Follow the Advice of These Four Top Pros and You’ll Come Home with Captivating Travel Photographs

©Randy Kepple

Whether you’re traveling the world, going on a family vacation, or just taking a quick weekend trip, you want to come home with images that are just as amazing as your memories. Our friends at Macphun teamed up with four top pros who, in their own words, provide the following advice for capturing the travel images of a lifetime.

Ken Kaminesky
A tripod is the one tool that can make a world of difference in the quality of your images. Without one, I wouldn’t have even bothered attempting to get images of this quality and sharpness; the lighting was far too dim to permit using a small aperture like f/11 or f/16 handheld.

©Ken Kaminesky

Even if you’re not shooting panorama or HDR images, I still recommend using a tripod for stability. There’s no way to handhold a camera with a heavy lens under low-light conditions without incurring camera shake. The resulting blurry images will leave you frustrated and wishing you had listened to me!

Don’t skimp when purchasing a tripod. Consider a carbon fiber model with a lightweight ball head. Keep the tripod solid but as light as possible since you’ll be carrying it day in and day out.

One of the most important “tools” in my arsenal is a good pair of shoes (and wool hiking socks). I used to suffer from so many blisters that it made the days of exploring new locations rather painful. Now, with the right shoes or boots, I can hike 10–20 miles a day in comfort

Jim Nix
If you want photographs of beautiful, popular spots that are blissfully free of tourists, sunrise is the best time to shoot. So get up early. Everyone else will be sleeping and you can wander the streets without anyone in your way.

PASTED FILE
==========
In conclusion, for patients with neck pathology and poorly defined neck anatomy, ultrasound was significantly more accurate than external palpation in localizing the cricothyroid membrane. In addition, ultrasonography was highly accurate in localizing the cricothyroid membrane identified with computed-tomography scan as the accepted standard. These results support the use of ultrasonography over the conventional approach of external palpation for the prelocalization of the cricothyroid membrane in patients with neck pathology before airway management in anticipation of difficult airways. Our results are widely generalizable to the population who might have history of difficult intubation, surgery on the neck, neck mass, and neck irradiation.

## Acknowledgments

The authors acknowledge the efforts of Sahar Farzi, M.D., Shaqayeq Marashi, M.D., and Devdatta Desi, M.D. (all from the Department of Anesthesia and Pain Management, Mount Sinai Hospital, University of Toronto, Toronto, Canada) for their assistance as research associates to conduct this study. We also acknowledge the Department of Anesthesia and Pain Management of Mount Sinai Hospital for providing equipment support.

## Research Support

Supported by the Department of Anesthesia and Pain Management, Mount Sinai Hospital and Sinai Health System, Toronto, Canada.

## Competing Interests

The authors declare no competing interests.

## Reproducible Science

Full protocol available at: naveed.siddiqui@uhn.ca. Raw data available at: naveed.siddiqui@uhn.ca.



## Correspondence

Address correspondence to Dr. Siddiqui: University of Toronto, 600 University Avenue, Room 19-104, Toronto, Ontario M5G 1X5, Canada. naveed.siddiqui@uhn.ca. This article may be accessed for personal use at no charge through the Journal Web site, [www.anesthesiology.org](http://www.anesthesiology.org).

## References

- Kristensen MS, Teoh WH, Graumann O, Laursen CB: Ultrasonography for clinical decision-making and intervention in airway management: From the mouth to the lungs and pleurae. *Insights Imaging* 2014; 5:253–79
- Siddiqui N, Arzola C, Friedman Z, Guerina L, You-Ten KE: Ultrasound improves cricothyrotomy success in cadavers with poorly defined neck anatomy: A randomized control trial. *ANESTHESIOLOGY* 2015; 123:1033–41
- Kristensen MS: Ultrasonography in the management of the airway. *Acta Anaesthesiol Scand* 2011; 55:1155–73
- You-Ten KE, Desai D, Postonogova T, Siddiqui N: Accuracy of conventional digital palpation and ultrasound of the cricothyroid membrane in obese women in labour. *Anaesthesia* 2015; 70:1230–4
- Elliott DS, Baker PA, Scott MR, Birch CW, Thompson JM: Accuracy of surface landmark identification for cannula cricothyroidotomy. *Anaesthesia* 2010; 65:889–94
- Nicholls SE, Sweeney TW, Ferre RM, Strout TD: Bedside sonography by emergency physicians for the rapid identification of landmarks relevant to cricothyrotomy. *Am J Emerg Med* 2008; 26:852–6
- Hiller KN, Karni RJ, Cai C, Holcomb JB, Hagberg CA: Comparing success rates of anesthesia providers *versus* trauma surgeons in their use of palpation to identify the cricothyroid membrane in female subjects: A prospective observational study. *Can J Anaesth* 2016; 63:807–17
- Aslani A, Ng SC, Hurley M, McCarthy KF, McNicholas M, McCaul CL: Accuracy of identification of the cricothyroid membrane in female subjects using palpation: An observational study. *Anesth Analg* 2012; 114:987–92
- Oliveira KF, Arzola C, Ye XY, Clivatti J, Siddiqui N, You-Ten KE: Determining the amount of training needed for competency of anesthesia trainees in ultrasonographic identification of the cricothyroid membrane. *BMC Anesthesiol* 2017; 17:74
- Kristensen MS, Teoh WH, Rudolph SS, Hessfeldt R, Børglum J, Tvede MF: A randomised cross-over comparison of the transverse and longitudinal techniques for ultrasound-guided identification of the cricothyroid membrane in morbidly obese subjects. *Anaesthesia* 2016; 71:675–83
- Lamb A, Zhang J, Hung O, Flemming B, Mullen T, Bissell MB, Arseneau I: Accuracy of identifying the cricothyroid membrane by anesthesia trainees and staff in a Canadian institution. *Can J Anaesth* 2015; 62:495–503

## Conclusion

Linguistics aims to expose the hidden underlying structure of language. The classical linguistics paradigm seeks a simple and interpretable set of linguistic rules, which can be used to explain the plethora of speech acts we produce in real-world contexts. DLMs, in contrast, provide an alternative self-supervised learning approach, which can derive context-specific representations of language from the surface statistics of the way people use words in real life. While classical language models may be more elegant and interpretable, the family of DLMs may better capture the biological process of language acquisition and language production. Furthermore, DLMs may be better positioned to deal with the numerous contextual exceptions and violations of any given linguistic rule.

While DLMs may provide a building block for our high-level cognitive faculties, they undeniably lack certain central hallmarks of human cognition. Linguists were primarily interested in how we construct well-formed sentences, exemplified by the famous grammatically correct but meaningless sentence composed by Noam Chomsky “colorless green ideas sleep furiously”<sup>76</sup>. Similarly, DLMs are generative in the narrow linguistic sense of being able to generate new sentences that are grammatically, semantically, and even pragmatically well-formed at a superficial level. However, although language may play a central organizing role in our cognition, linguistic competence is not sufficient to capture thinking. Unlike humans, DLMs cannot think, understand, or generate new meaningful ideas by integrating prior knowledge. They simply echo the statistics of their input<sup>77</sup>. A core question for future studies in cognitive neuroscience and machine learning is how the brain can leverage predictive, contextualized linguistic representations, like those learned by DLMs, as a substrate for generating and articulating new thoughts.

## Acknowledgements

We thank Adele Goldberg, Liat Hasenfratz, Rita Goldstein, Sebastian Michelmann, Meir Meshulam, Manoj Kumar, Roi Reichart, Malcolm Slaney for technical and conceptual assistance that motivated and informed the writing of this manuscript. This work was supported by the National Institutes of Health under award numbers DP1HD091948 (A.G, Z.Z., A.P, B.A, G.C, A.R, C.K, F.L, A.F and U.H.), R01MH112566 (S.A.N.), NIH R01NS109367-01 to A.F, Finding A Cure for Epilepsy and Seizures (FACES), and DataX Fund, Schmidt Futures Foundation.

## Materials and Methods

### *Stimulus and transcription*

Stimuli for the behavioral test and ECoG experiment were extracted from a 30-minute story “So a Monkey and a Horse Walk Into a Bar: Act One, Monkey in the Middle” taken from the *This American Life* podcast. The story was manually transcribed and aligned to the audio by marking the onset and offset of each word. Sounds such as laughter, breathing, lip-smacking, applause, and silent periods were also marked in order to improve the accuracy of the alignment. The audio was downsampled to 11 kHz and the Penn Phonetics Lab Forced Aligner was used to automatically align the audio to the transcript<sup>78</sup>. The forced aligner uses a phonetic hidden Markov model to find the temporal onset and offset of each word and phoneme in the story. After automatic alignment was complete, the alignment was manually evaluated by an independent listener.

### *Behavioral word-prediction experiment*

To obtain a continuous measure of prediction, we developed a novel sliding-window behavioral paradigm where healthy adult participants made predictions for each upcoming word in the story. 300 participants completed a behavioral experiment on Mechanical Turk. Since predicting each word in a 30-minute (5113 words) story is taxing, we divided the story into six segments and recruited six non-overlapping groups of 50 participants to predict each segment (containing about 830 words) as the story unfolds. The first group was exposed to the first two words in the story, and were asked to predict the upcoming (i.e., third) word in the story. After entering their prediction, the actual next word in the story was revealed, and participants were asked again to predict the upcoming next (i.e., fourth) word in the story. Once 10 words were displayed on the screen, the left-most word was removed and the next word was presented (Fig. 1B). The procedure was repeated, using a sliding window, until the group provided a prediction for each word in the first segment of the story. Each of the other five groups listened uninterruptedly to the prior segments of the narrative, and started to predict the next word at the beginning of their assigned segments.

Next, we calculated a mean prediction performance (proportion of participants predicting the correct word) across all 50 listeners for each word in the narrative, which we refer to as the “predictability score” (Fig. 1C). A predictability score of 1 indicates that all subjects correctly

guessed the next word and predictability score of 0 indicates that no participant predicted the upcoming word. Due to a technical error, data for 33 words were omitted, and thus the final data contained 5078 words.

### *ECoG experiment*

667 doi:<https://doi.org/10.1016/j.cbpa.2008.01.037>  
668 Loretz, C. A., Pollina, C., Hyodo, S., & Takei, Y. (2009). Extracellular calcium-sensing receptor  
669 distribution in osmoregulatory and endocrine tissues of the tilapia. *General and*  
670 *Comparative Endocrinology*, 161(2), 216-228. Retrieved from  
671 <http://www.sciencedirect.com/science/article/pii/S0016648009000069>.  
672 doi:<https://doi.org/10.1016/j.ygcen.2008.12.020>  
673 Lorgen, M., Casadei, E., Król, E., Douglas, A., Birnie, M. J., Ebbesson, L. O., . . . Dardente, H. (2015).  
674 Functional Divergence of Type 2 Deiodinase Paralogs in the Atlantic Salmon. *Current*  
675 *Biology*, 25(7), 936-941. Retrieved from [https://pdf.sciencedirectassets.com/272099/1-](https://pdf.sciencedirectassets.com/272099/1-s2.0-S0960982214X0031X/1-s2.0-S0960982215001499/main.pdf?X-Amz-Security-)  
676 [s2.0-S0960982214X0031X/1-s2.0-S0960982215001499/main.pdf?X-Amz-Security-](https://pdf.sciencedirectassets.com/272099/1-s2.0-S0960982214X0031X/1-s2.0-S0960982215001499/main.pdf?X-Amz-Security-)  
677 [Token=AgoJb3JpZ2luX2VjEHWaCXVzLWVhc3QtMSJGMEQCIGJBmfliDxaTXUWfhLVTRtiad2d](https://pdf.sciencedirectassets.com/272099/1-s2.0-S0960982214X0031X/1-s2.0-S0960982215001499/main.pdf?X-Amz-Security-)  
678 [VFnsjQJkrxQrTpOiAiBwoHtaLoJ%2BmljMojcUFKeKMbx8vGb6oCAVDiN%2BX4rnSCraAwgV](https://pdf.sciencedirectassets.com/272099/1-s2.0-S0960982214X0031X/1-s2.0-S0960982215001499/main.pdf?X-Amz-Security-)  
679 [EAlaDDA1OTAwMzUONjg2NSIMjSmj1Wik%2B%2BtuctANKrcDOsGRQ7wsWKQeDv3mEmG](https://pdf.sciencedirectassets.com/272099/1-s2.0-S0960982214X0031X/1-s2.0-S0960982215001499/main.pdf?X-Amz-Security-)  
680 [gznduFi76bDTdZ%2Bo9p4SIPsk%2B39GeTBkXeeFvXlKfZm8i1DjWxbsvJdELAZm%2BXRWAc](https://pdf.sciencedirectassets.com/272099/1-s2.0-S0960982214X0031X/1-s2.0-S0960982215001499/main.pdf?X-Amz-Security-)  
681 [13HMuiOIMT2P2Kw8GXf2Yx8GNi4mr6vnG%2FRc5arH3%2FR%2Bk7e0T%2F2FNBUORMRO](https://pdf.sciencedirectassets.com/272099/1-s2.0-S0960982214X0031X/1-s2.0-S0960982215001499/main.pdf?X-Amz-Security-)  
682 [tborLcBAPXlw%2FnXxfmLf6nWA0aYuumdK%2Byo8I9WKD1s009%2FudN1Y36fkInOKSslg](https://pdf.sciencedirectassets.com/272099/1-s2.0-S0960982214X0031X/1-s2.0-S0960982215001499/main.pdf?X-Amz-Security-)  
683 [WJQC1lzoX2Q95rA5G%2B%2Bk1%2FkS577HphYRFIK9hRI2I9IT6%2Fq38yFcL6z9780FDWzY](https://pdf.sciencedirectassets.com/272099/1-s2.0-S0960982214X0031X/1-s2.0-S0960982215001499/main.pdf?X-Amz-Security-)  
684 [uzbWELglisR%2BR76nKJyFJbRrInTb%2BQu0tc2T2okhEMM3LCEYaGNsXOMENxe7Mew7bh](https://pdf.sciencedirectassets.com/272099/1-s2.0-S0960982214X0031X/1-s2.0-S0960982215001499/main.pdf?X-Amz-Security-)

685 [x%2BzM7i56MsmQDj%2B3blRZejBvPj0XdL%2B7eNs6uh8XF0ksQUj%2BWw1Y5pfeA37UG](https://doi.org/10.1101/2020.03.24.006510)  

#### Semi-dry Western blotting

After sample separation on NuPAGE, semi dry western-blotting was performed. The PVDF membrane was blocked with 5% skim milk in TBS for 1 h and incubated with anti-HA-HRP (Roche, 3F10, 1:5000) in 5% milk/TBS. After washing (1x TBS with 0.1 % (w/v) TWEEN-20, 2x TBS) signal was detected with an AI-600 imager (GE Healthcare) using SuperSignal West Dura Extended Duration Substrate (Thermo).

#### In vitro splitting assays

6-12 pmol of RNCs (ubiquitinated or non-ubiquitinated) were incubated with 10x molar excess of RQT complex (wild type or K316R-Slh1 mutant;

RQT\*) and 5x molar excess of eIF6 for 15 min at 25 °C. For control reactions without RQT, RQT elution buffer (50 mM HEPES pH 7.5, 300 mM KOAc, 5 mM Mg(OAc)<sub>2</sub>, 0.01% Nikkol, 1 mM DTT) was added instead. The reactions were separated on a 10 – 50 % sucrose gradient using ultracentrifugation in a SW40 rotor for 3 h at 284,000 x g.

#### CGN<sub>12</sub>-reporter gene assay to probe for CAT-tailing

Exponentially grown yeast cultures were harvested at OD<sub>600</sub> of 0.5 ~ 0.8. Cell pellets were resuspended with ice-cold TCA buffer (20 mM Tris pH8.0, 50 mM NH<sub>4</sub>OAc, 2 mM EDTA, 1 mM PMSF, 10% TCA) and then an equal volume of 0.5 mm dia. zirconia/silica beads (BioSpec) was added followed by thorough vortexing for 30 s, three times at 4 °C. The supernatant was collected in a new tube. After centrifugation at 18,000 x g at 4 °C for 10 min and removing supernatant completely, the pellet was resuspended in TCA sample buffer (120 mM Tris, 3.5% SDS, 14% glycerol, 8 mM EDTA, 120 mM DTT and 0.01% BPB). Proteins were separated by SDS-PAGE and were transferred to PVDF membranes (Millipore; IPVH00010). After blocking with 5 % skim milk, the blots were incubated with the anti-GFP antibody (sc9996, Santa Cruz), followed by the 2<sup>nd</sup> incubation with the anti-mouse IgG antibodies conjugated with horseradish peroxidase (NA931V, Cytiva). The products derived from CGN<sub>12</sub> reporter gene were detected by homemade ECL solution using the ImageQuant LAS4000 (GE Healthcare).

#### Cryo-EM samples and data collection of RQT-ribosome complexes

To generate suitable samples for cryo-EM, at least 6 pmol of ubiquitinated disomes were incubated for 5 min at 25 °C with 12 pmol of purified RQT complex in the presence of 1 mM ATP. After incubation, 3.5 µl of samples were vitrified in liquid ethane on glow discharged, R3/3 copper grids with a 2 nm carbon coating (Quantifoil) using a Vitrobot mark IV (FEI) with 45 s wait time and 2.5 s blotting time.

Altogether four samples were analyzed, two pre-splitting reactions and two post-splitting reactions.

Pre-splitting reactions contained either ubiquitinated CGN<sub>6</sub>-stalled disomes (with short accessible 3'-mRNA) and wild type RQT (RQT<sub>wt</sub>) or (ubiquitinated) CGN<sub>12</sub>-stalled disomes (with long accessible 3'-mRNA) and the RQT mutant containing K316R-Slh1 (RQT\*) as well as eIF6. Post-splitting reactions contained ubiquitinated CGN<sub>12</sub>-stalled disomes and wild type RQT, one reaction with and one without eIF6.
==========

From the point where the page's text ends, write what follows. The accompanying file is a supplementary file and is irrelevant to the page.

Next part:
©Jim Nix

Thie above image of Temple Bar in Dublin, Ireland, was captured at sunrise. Any other time of day and this area would have been packed with tourists. Getting off the beaten path will not only help you discover hidden gems and interesting spots, but it’s very likely you’ll have them mostly to yourself since tourists generally stick to the “famous” locations.

I captured this street scene while wandering aimlessly in Copenhagen, Denmark

©Jim Nix

Lesa Snider
One sure way to make your outdoor photographs more visually pleasing is to avoid centering the horizon in your shots. Your images will be more interesting if you place the horizon either higher or lower in the frame.

©Lesa Snider

Ask any graphic designer and they’ll tell you that odd numbers of objects are more visually pleasing than even numbers of things. This is a concept you can apply to your photography with great effect. When composing a shot, see if you can position yourself to capture three palm trees instead of two or four; five flowers instead of four, six and so on.

Randy Kepple
Of all the tips I could share for improving your travel photos, the best has nothing to do with cameras or lenses. Rather, it’s all about being a better storyteller. You must develop an understanding of the place you’re visiting, so immerse yourself in the culture and the people. Imagine you’re a stranger in a strange land, experiencing everything for the first time.

Capture details, landscapes, and portraits, and don’t forget to include yourself in the mix. Challenge yourself to tell a story and focus on storytelling elements. What makes the place and the people special?  What makes it unique? Strive to capture the answers to these questions in your photos.

©Randy Kepple

Speaking with locals is a great way to discover the best stories, locations and food. Most folks are more than happy to speak with someone who is willing to listen.

As far as gear is concerned, I’m all about traveling as light as possible. And make sure you are intimately familiar with all the equipment you take on your trip. I suggest a wide-angle zoom and a fast prime lens or two. The 50mm prime is one of the most versatile options available, and a fast 35mm enables me to incorporate more of a scene when taking portraits.

I’m not typically a night shooter, but there are times when visiting an art museum or cathedral when flash isn’t permitted. Those extra few stops of light can definitely make or break a photo.

To see more fine work from Kaminesky, Nix, Snider and Kepple, visit their websites.

If you want more travel photography advice, here are five quick tips on how to take better travel images with your smartphone.